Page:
The longer I live in the Keys the less capable I am of functioning in mainstream America. I dislike not making eye contact, I dislike walking among people who are hunched and afraid ( with reason as my little confrontation proves), I dislike the thoughtless nastiness of modern urban life. Its a pretty short sliver of land I live on, the rest of the continent (with all its marvelous medical facilities!) weighs heavily on my island and on my mind.

Normal cheerful programming will be resumed when I get over all this ridiculous surgery stress. She seems less stressed than I am. I need my Bonneville.

Construction Zone South

When people talk about "South Beach" in South Florida they usually mean a glamorous Art Deco neighborhood in Miami, but at the end of the road, south beach is the bottom end of Duval Street, more or less. Perhaps its the top end of Duval, because in upside-down-land, Upper Duval is the part of Duval furthest from the action. Lower Duval is where the action is, where the cruise ship passengers land, where people get drunk and look at naked women in city Commissioner Rossi's Red Garter strip club. At the Atlantic end of Duval then, lies south beach. The Duval Beach Club and the Southernmost Everything crowd the ends of Duval and Simonton Streets. Nowadays there are lots of holes. And the construction is promising a better future, bigger hotels, nicer facilities means more expensive and so it goes. But the old Key West, not the ancient run down Key West, the middling Old Key West, the one that came as part of the first wave of gay oriented re-development, is getting knocked down. At the southern end of the city that piece of history is long gone. Atlantic Shores was a place that offered rooms in motel-like rows heavily vegetated and really quite pretty. There was a diner for post-orgy breakfasts and Thursdays was al fresco movie nights where we took over the parking lot and lounged with free popcorn and cans of Heineken and my Labrador snored in my lap while I sank into the magic of the silver screen under the silver star-studded night sky. All gone. Even the pool where clothes were optional and men and women sun bathed, if they so chose. I doubt the new Southernmost extension will offer any of that. And who will miss Atlantic Shores?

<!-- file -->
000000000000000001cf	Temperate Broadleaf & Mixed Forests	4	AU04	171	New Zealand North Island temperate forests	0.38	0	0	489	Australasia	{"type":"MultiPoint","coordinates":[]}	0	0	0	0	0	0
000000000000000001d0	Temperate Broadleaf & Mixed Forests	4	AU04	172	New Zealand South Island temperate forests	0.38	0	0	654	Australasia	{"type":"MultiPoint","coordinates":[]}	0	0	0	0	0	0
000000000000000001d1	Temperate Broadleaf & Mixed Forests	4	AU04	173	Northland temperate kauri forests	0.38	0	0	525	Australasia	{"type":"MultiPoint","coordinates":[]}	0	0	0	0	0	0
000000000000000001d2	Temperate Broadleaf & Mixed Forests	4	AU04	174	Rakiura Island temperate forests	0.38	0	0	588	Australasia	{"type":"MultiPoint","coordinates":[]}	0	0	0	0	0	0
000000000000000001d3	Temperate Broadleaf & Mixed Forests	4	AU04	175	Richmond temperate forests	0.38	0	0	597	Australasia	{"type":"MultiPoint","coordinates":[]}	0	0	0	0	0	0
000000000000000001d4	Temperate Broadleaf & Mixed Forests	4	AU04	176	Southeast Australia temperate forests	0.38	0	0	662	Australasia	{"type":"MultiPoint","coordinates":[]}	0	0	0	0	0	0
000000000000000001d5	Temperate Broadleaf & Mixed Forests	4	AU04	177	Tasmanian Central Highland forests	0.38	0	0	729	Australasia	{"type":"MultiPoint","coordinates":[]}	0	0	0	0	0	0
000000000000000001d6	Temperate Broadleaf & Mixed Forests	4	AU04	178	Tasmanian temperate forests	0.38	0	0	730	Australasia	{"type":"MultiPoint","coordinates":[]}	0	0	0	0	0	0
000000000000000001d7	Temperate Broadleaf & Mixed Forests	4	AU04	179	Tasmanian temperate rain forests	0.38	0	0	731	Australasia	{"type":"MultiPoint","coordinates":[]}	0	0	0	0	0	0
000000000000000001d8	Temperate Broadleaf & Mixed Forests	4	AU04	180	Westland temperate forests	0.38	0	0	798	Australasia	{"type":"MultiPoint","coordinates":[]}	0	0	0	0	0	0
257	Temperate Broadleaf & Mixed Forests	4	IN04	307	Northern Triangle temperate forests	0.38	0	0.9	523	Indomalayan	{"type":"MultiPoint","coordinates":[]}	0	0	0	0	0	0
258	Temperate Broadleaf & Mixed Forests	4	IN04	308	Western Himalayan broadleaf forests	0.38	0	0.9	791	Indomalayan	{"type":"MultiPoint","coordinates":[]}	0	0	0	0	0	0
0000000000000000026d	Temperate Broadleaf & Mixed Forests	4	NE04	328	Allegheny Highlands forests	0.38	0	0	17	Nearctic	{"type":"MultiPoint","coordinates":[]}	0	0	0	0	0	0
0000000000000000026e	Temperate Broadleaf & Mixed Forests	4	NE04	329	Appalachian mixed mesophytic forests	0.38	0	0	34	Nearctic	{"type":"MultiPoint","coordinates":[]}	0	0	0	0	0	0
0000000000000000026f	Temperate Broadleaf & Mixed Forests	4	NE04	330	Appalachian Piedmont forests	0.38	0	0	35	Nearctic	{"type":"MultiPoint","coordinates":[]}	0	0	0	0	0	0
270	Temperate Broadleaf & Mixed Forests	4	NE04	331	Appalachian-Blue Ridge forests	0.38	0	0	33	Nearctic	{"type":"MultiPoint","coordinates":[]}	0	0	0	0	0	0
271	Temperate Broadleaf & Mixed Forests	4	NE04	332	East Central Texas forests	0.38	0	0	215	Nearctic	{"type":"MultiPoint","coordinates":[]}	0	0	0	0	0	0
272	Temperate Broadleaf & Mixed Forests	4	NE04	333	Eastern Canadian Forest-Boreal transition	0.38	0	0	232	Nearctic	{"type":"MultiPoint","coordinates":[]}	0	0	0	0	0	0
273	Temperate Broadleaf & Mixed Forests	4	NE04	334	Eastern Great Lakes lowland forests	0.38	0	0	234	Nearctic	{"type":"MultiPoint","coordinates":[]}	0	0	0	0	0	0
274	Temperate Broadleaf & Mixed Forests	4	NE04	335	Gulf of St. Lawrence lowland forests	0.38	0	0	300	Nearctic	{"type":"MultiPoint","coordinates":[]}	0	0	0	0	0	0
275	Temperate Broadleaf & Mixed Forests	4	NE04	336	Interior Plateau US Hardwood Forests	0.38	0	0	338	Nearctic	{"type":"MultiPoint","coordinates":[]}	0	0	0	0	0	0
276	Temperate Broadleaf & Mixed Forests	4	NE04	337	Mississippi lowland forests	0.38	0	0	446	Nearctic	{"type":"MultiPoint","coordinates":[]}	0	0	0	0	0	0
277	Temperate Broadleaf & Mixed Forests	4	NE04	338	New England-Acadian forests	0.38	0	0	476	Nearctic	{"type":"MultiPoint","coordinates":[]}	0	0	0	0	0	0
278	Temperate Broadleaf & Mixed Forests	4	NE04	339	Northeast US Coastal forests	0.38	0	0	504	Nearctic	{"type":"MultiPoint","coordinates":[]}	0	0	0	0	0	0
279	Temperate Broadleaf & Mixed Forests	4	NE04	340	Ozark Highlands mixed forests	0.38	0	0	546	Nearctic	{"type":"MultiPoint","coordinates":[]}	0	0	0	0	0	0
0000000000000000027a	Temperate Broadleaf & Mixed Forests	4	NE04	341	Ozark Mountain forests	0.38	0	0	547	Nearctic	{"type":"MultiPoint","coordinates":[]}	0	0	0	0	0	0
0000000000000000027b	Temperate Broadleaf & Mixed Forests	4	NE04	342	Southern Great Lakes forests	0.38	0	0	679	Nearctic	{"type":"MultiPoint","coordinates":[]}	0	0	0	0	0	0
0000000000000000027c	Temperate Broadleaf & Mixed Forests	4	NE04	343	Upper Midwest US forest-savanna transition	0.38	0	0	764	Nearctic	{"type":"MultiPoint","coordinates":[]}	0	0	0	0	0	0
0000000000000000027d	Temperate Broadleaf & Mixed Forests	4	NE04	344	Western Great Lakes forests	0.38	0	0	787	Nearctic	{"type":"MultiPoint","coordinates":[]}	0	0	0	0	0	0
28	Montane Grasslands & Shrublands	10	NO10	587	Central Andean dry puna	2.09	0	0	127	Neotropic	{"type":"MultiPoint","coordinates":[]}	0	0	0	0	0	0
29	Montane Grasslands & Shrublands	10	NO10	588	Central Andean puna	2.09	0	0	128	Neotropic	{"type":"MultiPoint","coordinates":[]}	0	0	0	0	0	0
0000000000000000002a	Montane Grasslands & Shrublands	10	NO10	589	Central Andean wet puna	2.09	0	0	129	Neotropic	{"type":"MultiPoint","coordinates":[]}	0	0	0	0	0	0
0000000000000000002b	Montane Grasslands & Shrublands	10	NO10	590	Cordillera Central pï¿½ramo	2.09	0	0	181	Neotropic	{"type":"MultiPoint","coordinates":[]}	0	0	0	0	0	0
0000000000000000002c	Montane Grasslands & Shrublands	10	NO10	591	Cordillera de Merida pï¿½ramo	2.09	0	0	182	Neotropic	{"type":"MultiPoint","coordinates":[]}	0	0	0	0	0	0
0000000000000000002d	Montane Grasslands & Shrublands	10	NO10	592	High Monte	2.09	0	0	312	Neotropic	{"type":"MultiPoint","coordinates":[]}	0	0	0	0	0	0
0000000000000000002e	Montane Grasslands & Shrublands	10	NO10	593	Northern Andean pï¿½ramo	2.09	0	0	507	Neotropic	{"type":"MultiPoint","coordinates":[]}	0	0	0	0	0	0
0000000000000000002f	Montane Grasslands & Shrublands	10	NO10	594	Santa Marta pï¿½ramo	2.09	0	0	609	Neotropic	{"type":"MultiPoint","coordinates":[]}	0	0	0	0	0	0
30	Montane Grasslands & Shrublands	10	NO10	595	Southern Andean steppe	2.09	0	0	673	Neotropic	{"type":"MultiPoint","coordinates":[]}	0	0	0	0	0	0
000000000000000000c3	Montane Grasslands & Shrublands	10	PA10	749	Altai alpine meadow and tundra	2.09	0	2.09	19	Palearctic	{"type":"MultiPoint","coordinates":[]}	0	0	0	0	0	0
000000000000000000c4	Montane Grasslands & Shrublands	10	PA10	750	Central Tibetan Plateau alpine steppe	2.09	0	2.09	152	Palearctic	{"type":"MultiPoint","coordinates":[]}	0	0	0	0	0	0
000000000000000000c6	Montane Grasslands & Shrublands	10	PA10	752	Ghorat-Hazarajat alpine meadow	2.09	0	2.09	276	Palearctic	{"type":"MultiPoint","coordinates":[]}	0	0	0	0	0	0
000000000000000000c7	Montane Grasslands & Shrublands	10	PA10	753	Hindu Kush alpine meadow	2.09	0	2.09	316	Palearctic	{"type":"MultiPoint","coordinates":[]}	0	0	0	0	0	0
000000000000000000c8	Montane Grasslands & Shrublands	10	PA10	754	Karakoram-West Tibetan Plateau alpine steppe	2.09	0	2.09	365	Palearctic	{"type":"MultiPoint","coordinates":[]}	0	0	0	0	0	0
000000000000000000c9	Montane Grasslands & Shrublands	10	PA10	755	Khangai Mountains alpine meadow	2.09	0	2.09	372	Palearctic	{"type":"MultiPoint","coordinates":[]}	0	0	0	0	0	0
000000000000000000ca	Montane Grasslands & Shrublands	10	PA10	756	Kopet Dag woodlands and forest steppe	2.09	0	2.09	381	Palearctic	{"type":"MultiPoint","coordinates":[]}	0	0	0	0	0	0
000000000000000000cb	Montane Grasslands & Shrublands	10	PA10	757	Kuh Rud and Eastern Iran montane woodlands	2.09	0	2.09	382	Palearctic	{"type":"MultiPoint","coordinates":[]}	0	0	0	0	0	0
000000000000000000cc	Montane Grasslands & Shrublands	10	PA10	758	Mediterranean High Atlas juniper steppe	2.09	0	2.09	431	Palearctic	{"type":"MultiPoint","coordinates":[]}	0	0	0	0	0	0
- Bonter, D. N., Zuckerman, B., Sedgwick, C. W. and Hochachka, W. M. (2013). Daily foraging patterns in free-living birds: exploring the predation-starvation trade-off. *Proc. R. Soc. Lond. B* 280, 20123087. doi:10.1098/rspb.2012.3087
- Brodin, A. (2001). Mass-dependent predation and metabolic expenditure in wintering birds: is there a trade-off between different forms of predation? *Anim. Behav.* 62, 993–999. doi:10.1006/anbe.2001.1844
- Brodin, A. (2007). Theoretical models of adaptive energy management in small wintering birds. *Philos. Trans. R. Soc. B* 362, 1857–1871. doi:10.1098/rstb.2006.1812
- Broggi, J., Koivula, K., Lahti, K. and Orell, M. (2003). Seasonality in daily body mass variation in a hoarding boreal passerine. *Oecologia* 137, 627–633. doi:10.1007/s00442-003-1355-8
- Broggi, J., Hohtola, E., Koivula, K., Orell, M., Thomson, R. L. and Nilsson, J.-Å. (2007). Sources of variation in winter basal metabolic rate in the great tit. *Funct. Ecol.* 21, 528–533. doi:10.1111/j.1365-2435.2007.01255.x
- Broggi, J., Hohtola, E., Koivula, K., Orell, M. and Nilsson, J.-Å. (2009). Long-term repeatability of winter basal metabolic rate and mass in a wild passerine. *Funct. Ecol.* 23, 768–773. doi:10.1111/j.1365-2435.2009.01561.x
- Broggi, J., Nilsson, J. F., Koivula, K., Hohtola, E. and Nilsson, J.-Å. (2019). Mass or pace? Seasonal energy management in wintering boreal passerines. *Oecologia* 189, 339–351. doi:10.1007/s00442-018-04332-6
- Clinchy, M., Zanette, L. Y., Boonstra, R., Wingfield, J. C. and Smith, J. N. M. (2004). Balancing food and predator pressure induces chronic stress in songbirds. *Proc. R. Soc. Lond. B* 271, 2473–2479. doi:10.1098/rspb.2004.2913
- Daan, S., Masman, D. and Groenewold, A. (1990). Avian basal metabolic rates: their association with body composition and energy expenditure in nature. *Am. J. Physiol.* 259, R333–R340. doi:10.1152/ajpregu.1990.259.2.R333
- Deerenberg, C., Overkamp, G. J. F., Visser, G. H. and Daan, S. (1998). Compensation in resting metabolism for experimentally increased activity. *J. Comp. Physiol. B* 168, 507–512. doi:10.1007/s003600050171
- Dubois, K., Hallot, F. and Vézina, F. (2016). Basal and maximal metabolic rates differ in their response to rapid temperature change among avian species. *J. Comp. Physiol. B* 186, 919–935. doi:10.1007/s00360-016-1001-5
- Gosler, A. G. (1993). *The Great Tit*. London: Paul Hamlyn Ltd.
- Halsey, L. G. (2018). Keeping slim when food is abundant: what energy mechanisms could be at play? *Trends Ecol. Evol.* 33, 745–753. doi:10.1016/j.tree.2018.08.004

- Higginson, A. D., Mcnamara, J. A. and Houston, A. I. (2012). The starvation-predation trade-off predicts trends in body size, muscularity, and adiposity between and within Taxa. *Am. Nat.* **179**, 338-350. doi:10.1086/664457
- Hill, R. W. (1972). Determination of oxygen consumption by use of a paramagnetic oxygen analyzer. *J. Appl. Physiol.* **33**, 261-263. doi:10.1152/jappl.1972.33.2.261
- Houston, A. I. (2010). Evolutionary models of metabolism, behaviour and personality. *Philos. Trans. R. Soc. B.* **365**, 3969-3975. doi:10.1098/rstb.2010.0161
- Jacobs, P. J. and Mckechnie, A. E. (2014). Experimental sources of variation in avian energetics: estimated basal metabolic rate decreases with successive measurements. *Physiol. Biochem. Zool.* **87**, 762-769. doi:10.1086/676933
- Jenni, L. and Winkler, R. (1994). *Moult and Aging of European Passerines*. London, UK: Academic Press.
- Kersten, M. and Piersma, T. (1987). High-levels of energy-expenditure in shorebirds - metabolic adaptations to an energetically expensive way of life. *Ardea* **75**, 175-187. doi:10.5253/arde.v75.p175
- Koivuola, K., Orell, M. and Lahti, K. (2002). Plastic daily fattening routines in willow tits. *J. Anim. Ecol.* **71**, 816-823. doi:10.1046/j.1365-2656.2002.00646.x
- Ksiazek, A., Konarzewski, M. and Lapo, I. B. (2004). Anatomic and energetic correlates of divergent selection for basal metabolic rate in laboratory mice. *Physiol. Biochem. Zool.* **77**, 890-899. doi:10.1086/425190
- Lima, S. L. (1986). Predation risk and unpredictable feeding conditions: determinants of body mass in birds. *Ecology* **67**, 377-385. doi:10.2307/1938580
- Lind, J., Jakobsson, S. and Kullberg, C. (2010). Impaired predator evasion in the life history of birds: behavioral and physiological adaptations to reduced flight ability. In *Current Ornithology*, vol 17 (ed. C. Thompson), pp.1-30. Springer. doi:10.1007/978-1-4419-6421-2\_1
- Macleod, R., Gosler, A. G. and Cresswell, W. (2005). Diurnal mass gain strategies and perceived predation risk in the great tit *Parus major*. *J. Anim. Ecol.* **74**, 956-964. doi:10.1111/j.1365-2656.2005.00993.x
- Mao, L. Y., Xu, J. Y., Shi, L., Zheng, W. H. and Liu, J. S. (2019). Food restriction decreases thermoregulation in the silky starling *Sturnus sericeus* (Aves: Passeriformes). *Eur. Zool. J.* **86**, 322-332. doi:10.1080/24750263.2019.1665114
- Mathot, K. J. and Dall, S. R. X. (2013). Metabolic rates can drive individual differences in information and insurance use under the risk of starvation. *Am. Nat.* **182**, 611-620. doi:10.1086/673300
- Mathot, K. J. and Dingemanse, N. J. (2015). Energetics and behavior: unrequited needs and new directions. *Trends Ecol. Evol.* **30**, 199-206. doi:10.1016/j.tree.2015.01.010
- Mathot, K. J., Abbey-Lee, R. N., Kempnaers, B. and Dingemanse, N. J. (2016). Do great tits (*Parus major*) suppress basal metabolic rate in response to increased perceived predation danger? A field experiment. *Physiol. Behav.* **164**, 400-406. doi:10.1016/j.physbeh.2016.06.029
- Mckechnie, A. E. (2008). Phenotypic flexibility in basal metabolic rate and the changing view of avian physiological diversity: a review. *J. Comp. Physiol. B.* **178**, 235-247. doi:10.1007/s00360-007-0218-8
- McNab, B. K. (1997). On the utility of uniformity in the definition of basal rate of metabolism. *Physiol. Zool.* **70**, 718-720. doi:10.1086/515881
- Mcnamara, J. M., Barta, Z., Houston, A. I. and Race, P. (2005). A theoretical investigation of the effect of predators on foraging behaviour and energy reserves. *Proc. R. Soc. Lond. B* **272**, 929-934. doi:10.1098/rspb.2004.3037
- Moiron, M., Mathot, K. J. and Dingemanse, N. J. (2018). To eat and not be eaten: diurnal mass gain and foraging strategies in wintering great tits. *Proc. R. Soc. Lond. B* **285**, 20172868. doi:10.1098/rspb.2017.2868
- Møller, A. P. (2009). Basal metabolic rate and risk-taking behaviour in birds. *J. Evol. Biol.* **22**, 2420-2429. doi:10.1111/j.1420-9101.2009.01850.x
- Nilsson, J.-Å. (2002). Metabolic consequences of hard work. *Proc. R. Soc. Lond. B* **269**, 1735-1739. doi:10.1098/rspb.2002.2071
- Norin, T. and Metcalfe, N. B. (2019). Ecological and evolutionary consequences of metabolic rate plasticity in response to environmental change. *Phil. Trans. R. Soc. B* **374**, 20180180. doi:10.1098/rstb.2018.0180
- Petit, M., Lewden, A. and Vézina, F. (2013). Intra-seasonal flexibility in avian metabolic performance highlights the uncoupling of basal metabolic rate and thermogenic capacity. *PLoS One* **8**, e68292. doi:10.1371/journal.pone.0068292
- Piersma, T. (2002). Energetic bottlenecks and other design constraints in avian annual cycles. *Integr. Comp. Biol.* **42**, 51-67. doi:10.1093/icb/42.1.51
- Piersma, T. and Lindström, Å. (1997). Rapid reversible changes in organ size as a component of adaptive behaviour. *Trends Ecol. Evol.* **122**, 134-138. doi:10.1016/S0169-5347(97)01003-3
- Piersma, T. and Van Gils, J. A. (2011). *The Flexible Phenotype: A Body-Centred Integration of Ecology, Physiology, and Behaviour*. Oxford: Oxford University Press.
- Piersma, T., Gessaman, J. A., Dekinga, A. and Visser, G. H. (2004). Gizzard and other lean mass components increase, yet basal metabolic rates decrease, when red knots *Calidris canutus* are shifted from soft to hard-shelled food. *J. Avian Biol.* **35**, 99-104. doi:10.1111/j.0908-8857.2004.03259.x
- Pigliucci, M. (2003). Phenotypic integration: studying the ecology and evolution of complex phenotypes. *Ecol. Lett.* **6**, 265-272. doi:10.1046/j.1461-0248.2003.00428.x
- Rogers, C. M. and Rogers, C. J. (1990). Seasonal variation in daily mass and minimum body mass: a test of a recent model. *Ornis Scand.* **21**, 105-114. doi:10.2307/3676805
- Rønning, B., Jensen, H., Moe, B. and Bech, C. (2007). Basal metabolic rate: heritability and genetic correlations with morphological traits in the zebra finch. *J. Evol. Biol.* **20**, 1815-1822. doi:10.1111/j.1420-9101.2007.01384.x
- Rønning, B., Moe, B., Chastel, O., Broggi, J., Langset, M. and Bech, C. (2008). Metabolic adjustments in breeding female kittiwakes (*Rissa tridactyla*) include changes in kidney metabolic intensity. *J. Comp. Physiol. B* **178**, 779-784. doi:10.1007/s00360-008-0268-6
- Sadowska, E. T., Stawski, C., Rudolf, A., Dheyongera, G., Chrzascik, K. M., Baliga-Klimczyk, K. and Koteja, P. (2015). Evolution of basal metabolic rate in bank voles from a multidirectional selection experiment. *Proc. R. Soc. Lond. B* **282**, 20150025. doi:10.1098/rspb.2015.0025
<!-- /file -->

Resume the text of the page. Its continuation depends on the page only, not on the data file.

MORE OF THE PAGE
The back end of the old Atlantic Shores was a place my wife and I still talk about. City Commissioner Rossi owned The Sands beach club, a place that offered decent food and outdoor casual seating on an actual sand beach. It really was a cool spot, and we enjoyed it. Our peripatetic yellow Lab Emma used to be able to sit alongside us in the sand and that was a bonus. The Sands is gone and a white construction fence is there instead. Across the street the old Reach Resort has been rebuilt and looks just as massive and solid as it did before Wilma trashed it in October 2005. The Santa Maria resort, a cute 1950's art deco motel has been transformed into minuscule condos selling for over a million bucks for each 400 square feet. I don't suppose the new occupants of the rabbit hutches will miss the ability to fling off their clothes around a public pool. They get tiny balconies to watch traffic whizzing by on South Street though.

I can't really say what I think about all this. Lots of people spend a great deal of time bitching about change and threaten to leave the Keys for a better, more expansive life Up North. What they don't investigate is that Up North is convulsing with change also, and for the price of a small residential condo in a converted Key West Victorian they can buy a tract house, twice as large with garage and a clean, bum-less street outside. But what makes the keys worth living in and struggling in isn't on offer in suburbia, at any price. Change is inevitable and it isn't usually a real improvement, but at least in Key West it is still a subject of debate and we all try to hang on and remember what's gone on ahead.

The 1990's was a decade of great wealth everywhere, in the Conch Republic as much as Up North and development was set in motion, but there was lots of good stuff that cheered people up in that decade. Much of it is gone or going as money dries up and people spend less. PT's a second rate restaurant where people liked to hang out is an actual parking lot. Dennis Pharmacy a cheesy but cheerful diner whose success was predicated on nostalgia is now a bland bank and so forth.

I wonder if one day we will wax nostalgic about the good old Santa Maria. Personally I never stayed at the old one and I sure as hell won't at the new one. As for my role in the poolside shenanigans at the Atlantic Shores? Why on earth would I miss them...?